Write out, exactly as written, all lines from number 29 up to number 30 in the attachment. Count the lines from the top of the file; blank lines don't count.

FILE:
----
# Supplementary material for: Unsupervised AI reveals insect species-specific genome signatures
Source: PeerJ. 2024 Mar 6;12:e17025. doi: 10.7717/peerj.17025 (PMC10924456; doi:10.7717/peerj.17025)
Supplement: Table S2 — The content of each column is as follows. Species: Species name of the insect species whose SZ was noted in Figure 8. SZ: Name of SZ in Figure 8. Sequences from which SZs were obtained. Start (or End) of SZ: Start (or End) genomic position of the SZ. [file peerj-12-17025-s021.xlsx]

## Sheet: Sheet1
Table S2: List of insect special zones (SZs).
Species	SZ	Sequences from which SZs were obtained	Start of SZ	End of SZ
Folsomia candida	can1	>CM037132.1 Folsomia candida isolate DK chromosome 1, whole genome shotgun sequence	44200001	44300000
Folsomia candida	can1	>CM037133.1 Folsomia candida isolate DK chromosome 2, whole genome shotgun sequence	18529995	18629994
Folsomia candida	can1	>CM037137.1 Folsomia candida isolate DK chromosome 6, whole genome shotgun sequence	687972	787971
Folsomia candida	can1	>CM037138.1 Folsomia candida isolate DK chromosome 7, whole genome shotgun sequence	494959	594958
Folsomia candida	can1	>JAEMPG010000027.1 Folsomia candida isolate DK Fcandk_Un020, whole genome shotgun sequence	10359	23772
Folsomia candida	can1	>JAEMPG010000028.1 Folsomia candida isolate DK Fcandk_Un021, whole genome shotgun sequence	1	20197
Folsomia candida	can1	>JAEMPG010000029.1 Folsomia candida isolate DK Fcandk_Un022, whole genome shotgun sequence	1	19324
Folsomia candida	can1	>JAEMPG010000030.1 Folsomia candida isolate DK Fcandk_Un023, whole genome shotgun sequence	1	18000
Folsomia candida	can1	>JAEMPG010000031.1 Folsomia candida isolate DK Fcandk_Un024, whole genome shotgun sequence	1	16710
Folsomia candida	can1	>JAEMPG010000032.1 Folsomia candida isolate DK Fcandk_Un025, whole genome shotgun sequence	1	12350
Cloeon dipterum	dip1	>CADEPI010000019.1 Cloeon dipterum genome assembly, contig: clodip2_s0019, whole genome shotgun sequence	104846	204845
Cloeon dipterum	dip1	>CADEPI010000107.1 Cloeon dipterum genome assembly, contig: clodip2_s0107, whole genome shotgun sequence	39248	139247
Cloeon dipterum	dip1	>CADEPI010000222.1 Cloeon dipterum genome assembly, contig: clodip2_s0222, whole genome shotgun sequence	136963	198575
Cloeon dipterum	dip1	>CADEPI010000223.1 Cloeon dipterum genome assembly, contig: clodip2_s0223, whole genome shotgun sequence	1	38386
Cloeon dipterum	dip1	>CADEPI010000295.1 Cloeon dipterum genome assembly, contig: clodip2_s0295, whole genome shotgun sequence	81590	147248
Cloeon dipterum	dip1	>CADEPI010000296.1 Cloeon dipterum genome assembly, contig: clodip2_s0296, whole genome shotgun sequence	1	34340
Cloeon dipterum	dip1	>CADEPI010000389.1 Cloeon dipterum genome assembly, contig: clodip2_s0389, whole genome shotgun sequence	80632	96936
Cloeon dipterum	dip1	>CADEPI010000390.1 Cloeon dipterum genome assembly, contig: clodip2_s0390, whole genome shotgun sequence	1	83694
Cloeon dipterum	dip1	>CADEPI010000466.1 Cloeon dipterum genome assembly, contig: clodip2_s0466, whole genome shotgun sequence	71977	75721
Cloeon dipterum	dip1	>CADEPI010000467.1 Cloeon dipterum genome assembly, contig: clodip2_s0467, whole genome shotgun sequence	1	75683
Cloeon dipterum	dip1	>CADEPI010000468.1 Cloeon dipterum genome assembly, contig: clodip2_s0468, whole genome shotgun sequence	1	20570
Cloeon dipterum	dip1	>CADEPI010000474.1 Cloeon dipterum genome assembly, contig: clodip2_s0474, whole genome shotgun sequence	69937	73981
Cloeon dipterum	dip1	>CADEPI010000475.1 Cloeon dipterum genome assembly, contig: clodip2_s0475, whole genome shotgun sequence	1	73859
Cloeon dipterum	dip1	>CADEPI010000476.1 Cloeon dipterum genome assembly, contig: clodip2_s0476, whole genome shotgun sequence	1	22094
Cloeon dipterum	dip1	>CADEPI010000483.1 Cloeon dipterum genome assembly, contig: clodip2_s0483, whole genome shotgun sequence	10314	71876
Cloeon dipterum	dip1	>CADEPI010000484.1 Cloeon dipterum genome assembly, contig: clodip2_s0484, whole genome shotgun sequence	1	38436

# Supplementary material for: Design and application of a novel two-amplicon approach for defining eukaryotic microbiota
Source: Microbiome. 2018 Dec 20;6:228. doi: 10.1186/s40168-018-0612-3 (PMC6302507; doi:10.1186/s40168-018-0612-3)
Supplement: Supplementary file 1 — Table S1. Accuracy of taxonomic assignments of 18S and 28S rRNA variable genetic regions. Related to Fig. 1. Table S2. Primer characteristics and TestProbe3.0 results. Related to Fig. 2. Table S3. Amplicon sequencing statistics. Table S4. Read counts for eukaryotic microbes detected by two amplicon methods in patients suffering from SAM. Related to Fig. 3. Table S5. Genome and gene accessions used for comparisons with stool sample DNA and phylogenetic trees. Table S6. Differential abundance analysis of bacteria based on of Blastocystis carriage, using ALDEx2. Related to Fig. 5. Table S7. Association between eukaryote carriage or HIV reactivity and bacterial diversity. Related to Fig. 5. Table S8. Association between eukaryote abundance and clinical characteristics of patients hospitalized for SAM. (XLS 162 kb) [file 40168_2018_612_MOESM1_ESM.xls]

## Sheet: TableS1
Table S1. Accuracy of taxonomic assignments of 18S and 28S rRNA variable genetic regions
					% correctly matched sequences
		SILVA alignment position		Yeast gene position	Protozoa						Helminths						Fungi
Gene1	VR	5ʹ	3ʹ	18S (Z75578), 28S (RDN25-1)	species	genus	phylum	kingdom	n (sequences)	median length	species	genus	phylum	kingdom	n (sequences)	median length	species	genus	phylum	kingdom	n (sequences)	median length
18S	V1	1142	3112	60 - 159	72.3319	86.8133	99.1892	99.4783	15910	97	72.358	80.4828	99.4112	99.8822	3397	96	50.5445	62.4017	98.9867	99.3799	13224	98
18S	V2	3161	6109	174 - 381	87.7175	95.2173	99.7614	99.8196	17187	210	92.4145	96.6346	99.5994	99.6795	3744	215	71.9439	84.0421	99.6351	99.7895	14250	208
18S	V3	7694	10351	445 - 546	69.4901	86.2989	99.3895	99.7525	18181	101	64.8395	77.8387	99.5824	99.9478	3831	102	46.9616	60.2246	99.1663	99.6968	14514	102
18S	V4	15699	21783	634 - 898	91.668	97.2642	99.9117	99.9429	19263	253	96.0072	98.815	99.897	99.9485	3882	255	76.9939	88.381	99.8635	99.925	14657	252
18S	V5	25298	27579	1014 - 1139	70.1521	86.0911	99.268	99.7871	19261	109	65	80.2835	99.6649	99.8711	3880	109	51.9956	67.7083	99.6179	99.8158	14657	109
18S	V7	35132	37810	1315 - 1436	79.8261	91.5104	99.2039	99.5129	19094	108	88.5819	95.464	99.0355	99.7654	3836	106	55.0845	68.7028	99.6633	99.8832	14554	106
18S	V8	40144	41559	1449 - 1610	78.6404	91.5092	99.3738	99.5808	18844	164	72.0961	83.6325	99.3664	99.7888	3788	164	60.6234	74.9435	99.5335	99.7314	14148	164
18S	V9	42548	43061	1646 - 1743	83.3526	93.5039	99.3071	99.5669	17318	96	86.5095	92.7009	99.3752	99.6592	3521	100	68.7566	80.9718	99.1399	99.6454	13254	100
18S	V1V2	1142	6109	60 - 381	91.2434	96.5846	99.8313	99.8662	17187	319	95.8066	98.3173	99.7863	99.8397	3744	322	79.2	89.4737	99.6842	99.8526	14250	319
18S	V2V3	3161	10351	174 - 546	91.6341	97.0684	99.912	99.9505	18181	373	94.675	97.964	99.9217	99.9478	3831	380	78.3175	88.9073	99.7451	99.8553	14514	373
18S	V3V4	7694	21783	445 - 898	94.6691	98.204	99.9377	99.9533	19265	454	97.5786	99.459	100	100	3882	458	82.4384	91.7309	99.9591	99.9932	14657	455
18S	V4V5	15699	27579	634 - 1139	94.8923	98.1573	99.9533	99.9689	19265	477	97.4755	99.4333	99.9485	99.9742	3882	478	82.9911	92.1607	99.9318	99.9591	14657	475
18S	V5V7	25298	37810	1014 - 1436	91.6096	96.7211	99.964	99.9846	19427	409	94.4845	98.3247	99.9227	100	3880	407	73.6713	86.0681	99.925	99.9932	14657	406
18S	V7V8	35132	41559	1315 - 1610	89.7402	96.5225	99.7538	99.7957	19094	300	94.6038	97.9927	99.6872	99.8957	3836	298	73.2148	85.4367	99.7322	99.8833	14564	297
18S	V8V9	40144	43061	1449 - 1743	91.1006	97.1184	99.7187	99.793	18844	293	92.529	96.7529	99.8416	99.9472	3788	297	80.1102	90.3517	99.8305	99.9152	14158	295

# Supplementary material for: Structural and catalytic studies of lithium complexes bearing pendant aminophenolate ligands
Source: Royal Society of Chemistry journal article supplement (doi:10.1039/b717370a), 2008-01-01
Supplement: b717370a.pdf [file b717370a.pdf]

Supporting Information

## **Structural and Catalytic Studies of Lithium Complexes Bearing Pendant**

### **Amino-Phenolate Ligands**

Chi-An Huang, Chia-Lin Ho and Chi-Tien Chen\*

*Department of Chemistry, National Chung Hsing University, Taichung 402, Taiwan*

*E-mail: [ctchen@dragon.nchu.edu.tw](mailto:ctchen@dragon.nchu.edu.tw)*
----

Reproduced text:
Cloeon dipterum	dip1	>CADEPI010000475.1 Cloeon dipterum genome assembly, contig: clodip2_s0475, whole genome shotgun sequence	1	73859
Cloeon dipterum	dip1	>CADEPI010000476.1 Cloeon dipterum genome assembly, contig: clodip2_s0476, whole genome shotgun sequence	1	22094